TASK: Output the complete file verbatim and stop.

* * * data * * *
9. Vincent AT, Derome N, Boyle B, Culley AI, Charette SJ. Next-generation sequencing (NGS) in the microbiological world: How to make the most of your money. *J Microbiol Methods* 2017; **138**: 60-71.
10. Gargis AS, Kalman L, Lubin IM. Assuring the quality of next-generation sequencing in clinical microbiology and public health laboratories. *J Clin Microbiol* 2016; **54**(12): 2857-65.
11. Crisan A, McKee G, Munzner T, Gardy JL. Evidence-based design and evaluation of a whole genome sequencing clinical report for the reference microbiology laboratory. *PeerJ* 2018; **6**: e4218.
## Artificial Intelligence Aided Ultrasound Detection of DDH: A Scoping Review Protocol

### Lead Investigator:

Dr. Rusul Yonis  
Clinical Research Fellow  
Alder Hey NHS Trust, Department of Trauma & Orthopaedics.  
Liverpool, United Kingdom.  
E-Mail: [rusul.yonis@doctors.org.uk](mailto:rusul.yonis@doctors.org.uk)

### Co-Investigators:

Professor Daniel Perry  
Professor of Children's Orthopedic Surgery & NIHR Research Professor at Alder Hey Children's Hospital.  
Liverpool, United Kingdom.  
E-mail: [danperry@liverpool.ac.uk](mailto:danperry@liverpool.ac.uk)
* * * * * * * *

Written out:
9. Vincent AT, Derome N, Boyle B, Culley AI, Charette SJ. Next-generation sequencing (NGS) in the microbiological world: How to make the most of your money. *J Microbiol Methods* 2017; **138**: 60-71.
10. Gargis AS, Kalman L, Lubin IM. Assuring the quality of next-generation sequencing in clinical microbiology and public health laboratories. *J Clin Microbiol* 2016; **54**(12): 2857-65.
11. Crisan A, McKee G, Munzner T, Gardy JL. Evidence-based design and evaluation of a whole genome sequencing clinical report for the reference microbiology laboratory. *PeerJ* 2018; **6**: e4218.
## Artificial Intelligence Aided Ultrasound Detection of DDH: A Scoping Review Protocol

### Lead Investigator:

Dr. Rusul Yonis  
Clinical Research Fellow  
Alder Hey NHS Trust, Department of Trauma & Orthopaedics.  
Liverpool, United Kingdom.  
E-Mail: [rusul.yonis@doctors.org.uk](mailto:rusul.yonis@doctors.org.uk)

### Co-Investigators:

Professor Daniel Perry  
Professor of Children's Orthopedic Surgery & NIHR Research Professor at Alder Hey Children's Hospital.  
Liverpool, United Kingdom.  
E-mail: [danperry@liverpool.ac.uk](mailto:danperry@liverpool.ac.uk)